Progress in real-time quantitative PCR (qPCR) technology has been steady since its invention approximately 15 years ago. Recent innovations and where the technology is headed in the future will be discussed at a Select Biosciences’ upcoming conference on “Advances in qPCR”.
Jan Hellemans, co-founder and CEO of Biogazelle, emphasizes the critical importance of optimizing both the front end (experimental design) and the back end (data analysis) of the qPCR workflow. Biogazelle’s flagship product, qbasePLUS, is a software solution for the analysis of qPCR data.
Hellemans notes that “there are still misconceptions as to how to best address the problem of inter-run variation with the experimental design.” The key principles, he says, are to “avoid the problem if possible, minimize the problem if it is not avoidable, and to correct for any variation that should actually occur.”
It would be ideal to screen all samples for a given gene on the same plate, he says, adding that it is not necessary to screen the reference gene(s) on the same plate. “This is a common misconception,” he says, acknowledging that using the same plate for a gene is not always possible, particularly given the large number of samples in the increasingly large studies being carried out today.
Measures should be taken to ensure that the potential variation is as small as possible. These measures would include using the same qPCR instrument and Cq value determination software settings, using the same batch of reagents, and minimizing the plate-to-plate variation by standardization. When variation does occur, Hellemans says that at least one sample should be re-analyzed in two different runs to enable correction for the variation.
According to Hellemans, the use of imputation statistical methods (commonly used by statisticians, but not yet widely adopted in qPCR data analysis) is a useful approach to recovering crucial missing data from qPCR experiments. The gold standard for normalization of qPCR expression data is normalization against multiple validated reference genes, he says. With the increasing size of experiments, there is an increased risk of missing data from one or more of these reference genes due to technical failure. Imputation is an effective approach to recovering this missing data, he adds.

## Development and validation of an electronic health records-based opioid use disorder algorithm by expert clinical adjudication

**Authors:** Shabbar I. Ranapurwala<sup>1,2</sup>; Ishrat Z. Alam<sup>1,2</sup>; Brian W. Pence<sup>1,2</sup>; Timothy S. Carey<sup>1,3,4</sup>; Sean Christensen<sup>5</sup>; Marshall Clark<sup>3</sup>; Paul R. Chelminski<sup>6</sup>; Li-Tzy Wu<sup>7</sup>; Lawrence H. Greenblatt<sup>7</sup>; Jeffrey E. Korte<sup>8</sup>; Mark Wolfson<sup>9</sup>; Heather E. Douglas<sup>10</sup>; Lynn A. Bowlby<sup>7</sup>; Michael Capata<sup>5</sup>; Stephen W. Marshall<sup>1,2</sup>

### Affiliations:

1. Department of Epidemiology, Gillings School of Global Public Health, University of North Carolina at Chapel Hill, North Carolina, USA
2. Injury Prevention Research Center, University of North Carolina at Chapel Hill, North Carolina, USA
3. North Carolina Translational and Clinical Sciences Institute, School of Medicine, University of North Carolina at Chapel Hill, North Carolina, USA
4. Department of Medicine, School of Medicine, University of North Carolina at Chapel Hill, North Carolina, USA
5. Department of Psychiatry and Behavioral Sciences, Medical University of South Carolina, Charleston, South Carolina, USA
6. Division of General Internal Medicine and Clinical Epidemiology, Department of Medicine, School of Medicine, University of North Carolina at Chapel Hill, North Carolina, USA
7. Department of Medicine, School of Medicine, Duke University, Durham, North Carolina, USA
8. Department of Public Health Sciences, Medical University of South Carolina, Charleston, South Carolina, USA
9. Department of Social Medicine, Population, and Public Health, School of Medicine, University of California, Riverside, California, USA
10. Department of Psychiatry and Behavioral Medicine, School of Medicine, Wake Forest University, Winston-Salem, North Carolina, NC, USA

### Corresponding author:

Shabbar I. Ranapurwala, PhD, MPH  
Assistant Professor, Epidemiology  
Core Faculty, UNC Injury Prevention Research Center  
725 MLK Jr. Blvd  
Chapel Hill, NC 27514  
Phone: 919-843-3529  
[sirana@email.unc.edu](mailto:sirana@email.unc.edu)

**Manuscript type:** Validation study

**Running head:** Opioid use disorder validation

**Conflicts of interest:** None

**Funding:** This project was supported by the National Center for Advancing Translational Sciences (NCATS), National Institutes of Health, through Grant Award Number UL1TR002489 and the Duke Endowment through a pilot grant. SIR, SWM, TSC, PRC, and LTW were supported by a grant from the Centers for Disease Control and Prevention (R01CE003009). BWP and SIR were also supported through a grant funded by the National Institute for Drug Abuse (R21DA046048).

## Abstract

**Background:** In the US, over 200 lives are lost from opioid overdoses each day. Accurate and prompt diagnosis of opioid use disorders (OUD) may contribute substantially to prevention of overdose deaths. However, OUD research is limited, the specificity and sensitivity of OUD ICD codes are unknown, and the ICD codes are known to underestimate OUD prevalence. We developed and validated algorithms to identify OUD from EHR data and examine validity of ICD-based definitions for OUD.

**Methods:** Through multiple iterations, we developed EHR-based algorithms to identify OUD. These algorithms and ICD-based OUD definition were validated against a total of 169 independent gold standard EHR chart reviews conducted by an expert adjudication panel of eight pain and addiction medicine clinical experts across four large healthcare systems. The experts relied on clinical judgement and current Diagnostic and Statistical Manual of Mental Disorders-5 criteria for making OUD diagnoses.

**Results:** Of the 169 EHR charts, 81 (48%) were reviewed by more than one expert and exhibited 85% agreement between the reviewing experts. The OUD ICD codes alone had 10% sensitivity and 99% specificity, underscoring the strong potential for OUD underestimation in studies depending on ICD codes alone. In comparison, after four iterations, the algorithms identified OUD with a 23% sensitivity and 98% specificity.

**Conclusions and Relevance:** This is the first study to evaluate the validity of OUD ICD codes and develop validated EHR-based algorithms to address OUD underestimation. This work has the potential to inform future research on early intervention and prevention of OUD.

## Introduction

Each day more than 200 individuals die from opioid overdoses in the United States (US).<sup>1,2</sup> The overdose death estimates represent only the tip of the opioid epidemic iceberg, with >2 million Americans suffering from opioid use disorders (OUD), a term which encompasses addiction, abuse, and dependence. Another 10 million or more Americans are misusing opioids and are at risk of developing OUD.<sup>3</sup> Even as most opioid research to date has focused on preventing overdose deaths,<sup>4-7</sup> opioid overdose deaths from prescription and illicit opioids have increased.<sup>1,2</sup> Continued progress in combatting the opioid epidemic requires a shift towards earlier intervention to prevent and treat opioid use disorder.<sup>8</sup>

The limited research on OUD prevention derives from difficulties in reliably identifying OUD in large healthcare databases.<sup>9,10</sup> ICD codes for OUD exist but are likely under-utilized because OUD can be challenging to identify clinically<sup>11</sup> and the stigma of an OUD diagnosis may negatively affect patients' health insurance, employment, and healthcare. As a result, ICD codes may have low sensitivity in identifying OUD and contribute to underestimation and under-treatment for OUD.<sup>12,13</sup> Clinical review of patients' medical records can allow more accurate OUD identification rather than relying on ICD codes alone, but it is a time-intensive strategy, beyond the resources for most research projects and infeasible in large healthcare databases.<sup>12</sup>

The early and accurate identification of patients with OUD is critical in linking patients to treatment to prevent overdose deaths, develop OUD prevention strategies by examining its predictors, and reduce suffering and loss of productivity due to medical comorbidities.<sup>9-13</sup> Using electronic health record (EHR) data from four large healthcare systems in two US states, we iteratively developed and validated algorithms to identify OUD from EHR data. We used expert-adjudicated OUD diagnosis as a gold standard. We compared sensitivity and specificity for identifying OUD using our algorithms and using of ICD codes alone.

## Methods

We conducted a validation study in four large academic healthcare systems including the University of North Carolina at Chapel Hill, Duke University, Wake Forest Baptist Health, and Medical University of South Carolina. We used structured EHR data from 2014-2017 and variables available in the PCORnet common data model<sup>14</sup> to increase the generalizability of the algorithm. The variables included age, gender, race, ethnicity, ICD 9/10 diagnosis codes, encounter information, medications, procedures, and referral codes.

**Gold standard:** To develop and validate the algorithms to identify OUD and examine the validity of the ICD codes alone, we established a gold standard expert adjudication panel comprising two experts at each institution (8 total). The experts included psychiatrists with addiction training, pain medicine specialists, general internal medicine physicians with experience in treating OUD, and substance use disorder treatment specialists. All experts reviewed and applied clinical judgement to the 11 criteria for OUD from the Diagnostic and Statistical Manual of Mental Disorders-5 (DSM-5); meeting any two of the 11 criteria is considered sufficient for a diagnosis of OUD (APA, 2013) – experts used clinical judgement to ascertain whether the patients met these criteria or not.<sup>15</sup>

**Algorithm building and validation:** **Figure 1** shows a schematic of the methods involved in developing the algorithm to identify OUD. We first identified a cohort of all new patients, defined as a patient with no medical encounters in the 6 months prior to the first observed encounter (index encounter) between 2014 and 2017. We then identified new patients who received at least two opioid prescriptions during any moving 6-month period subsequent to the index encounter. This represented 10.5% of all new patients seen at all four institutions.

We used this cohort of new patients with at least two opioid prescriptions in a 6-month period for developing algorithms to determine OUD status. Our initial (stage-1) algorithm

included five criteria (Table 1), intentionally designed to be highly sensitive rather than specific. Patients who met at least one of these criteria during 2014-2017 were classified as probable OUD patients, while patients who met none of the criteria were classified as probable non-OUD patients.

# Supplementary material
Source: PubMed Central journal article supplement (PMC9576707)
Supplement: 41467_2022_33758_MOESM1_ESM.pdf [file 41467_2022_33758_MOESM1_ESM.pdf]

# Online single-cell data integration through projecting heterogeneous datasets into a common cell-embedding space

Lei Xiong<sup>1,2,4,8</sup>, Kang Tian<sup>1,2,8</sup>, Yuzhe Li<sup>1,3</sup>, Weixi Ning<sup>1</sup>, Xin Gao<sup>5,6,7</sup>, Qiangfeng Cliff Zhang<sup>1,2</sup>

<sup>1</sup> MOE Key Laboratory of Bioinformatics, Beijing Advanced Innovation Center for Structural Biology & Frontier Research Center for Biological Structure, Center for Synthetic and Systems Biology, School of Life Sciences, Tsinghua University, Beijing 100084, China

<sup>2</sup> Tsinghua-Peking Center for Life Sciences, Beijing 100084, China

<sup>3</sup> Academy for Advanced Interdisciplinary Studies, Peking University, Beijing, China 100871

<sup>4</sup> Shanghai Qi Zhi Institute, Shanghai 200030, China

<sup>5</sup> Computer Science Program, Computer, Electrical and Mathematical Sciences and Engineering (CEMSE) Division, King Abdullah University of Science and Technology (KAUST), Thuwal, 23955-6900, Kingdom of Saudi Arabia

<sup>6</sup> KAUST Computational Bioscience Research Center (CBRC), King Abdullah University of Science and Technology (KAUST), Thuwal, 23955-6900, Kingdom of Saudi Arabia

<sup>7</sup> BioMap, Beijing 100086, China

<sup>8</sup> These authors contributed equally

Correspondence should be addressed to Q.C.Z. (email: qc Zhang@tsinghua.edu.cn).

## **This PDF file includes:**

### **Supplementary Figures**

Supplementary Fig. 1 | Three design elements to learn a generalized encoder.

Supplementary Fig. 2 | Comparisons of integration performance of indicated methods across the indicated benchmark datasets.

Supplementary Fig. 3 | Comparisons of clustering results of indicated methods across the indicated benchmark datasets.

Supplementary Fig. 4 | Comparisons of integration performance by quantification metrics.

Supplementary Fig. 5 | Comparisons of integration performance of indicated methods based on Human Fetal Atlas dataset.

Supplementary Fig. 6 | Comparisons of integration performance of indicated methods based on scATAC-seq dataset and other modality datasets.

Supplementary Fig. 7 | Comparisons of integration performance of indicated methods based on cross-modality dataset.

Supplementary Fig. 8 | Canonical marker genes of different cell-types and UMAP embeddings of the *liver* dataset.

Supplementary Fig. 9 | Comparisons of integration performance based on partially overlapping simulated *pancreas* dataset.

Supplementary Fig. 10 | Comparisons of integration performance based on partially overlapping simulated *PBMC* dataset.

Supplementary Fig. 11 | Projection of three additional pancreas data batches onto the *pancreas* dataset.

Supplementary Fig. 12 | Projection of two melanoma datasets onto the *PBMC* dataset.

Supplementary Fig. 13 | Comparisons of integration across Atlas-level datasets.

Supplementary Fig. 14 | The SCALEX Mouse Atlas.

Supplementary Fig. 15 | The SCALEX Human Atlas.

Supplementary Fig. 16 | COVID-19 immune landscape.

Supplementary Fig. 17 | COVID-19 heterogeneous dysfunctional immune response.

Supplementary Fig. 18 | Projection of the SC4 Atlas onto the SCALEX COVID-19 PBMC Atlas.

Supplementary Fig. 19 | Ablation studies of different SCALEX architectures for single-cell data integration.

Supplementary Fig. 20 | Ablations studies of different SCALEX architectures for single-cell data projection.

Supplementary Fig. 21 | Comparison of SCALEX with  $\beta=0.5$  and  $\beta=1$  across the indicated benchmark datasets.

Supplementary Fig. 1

Marina Guillet is the co-founder and vp lab director of TcLand Expression, which is developing companion diagnostics in immune-mediated disorders and biomarkers in solid organ transplantation. TcLand’s lead programs target rheumatoid arthritis and liver transplantation.
To ensure that a robust technological platform was used for biomarker development and validation, the entire qPCR process at TcLand was standardized and each step of the process optimized, Guillet explains. This included the development of stringent and robust standard operating procedures as well as a comprehensive knowledge of all sources of variabilities within the process, from the choice of the sampling procedure to data generation.
According to Guillet, there are a multitude of blood collection techniques to obtain RNA. However, only a few of these are compatible with the logistical and technical constraints associated with the usage of retrospective samples and large multicenter application.
PAXgene blood RNA tubes (PreAnalytiX) were used to extract RNA. The PAXgene systems are the only blood collection tubes and associated RNA extraction kits to be CE-marked and to have received 510(k) clearance from the FDA, Guillet explains.
In a recent 30 gene study, Guillet and colleagues demonstrated that it is possible to obtain trustworthy results in qPCR assays by paying particular attention to every single step of the workflow. The TcLand investigation was a nested study similar to those that have been used to identify the most important sources of error in qPCR experiments.